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Providence Targets Patient Demand With Store-and-Forward Telehealth

Providence Health has launched an on-demand store-and-forward telehealth service in Oregon, giving residents a virtual care platform for addressing minor health concerns.

Source: ThinkStock

By Eric Wicklund

- A Pacific Northwest health system has launched an on-demand mHealth app that’s designed to give consumers quick access to care for common health issues.

Providence Health & Services recently rolled out the SmartExam service for Oregon residents. Billed as a “virtual physician’s assistant,” the app, developed by Portland-based Bright.md, uses a store-and-forward telemedicine platform to link consumers with Providence Health nurse practitioners and doctors for treatment of simple and routine concerns.

“It’s similar to- e-mailing your own doctor,” says Benjamin LeBlanc, MD, Chief Medical Officer for the Providence Medical Group, who’s been overseeing the statewide launch after a successful pilot last year for employees and selected groups. ”From the patient’s perspective, this gives them simple access to routine care.”

The service, which costs $20 and is covered in full for Providence Health Plan members, represents one of the fastest growing trends in telehealth. Health systems and hospitals across the country are moving to store-and-forward platforms for quick, non-acute care issues like colds, infections and rashes that would otherwise clog up ERs, clinics or doctor’s offices or be ignored altogether.

The routine is simple. The consumer logs on to the health system through the app and fills out an online questionnaire. An advanced practice clinician on the other end receives an alert that a patient is waiting, reviews the online questionnaire and any other data (including the patient’s medical record and submitted photographs) and sends back a diagnosis. The practitioner can send a message or even make a quick phone call if more information is needed, and the patient can be asked to seek immediate care or come in for an in-person appointment if necessary.

LeBlanc says Providence Health has been using telehealth and telemedicine for several years, with services that include online video visits and other digital and connected health offerings. But they wanted something that could be run quickly and easily through the system’s network of retail care clinics, giving patients the opportunity to seek care from their home, car, office or other location instead of trudging to the nearest hospital, office or clinic.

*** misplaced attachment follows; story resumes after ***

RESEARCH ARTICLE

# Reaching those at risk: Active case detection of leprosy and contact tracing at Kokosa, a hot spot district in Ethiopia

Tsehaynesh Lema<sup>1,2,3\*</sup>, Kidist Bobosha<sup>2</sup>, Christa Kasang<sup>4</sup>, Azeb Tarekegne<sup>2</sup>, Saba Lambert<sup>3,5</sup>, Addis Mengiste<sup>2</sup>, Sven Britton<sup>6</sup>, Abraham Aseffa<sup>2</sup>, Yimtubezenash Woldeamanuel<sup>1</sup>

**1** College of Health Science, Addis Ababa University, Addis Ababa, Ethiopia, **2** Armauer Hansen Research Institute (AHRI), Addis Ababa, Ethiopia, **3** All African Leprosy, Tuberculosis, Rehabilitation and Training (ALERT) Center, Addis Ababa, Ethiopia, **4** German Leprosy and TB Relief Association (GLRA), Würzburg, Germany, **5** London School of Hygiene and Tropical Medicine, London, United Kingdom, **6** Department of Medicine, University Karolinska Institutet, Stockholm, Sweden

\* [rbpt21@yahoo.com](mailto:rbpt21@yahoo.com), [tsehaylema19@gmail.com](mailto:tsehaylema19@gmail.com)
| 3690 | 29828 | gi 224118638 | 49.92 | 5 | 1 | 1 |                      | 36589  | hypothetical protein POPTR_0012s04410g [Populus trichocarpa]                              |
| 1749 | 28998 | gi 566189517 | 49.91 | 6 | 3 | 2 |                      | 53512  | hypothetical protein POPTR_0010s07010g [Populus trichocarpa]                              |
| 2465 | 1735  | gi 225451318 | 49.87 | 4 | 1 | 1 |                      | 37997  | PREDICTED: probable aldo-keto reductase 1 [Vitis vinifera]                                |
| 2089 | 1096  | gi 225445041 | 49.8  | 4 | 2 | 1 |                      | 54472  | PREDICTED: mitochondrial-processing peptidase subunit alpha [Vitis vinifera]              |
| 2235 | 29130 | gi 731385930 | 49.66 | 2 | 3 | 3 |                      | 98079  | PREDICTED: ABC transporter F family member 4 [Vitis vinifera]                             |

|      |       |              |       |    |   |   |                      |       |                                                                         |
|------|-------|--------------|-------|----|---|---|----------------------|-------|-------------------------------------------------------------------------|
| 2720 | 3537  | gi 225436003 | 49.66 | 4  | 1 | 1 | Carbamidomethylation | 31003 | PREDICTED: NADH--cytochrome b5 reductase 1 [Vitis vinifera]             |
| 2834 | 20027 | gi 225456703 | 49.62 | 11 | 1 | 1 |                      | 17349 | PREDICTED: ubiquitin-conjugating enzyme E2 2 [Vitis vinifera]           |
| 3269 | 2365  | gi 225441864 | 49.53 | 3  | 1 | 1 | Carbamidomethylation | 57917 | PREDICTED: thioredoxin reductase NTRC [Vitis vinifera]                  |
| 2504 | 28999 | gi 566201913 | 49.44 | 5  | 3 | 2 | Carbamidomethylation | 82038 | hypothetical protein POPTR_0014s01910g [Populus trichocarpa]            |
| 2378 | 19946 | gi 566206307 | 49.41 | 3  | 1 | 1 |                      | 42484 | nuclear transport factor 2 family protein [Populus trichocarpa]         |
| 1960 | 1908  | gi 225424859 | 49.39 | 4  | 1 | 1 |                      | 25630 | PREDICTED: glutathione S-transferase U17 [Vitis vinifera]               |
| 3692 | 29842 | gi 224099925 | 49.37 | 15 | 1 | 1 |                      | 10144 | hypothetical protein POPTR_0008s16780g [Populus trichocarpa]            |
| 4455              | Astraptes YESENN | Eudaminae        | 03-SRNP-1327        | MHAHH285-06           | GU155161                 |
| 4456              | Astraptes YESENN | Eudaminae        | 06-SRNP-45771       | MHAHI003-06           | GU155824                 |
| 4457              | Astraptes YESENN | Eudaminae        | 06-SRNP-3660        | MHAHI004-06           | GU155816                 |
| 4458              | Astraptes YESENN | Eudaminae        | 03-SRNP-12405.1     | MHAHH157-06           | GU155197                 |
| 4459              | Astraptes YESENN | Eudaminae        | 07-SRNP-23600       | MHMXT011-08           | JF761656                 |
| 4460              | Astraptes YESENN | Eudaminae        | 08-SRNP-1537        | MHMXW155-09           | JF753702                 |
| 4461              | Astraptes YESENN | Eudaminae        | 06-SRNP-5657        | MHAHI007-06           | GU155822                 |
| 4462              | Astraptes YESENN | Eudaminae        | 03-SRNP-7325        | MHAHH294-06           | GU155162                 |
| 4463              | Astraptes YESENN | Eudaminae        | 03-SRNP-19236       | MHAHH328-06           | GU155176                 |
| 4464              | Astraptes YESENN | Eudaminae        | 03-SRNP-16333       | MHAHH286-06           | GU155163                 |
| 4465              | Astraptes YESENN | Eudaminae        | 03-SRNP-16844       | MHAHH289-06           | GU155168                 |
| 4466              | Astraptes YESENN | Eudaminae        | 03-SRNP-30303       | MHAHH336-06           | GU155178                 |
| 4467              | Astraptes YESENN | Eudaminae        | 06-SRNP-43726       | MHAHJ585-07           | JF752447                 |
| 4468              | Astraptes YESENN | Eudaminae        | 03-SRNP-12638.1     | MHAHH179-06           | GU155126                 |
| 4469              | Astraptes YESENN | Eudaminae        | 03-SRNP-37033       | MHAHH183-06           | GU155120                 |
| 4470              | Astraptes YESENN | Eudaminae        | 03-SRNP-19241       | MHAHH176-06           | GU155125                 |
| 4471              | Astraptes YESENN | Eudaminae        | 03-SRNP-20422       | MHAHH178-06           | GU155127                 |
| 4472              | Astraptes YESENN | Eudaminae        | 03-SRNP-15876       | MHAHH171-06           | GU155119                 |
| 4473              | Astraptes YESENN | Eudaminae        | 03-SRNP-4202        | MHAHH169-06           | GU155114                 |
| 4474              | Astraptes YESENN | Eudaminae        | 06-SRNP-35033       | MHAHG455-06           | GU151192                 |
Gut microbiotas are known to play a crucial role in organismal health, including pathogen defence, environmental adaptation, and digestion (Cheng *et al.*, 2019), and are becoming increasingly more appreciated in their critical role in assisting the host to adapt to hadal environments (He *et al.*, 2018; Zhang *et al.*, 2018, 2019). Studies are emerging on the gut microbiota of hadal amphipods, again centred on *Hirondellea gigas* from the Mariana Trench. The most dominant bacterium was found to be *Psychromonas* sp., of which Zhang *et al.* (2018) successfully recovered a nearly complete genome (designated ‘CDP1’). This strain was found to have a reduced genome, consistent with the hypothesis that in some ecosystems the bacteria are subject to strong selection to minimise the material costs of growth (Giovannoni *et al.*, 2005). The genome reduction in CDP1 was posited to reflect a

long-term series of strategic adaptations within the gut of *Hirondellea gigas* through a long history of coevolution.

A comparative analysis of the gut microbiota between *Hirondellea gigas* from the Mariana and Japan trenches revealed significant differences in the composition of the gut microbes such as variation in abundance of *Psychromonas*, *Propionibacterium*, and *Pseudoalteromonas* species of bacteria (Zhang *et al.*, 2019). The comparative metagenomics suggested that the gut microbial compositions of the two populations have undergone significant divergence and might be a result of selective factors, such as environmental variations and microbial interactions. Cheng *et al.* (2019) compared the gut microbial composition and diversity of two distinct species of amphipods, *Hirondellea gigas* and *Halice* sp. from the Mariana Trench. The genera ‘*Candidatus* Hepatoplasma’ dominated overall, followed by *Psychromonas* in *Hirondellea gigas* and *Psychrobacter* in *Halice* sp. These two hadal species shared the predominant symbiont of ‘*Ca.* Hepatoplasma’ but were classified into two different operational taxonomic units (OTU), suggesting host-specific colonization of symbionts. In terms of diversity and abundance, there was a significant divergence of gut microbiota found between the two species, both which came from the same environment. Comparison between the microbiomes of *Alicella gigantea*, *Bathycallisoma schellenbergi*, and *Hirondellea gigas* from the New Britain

“We’ve tried to remain patient-centered as much as we can, and our patients have said they’re interested in all the options,” he says. “We’re making it as easy as possible to get the care they need when they need it.”

By tapping into Providence Health’s network of retail care clinics, LeBlanc says SmartExam also fits quite nicely into a workflow – and a provider group – accustomed to on-demand care. Clinicians are able to work online care into their normal workflows.

Bright.md, whose health system clients include the Greenville Health System in South Carolina, Presbyterian Healthcare Services in New Mexico, the California-based Adventist Health System and Chicago’s Rush University Medical Center, was actually founded by a former Providence Health physician, Ray Constantini in 2014.

At the time, he said he’d become disenchanted with telehealth programs that were more complex and time-consuming than the typical visit to the doctor’s office, and sought to create in SmartExam an on-demand service that would take no longer than two minutes.

LeBlanc sees that simplicity as something that appeals to both patients and providers.

“There’s a relatively defined set of things that we are going to be able to handle with a store-and-forward service, so we generally know what’s coming in,” he says. With everything laid out in front of them and access to standards-based care guidelines and AI tools, “you’re looking at three or four minutes of a doctor’s time for critical thinking.”

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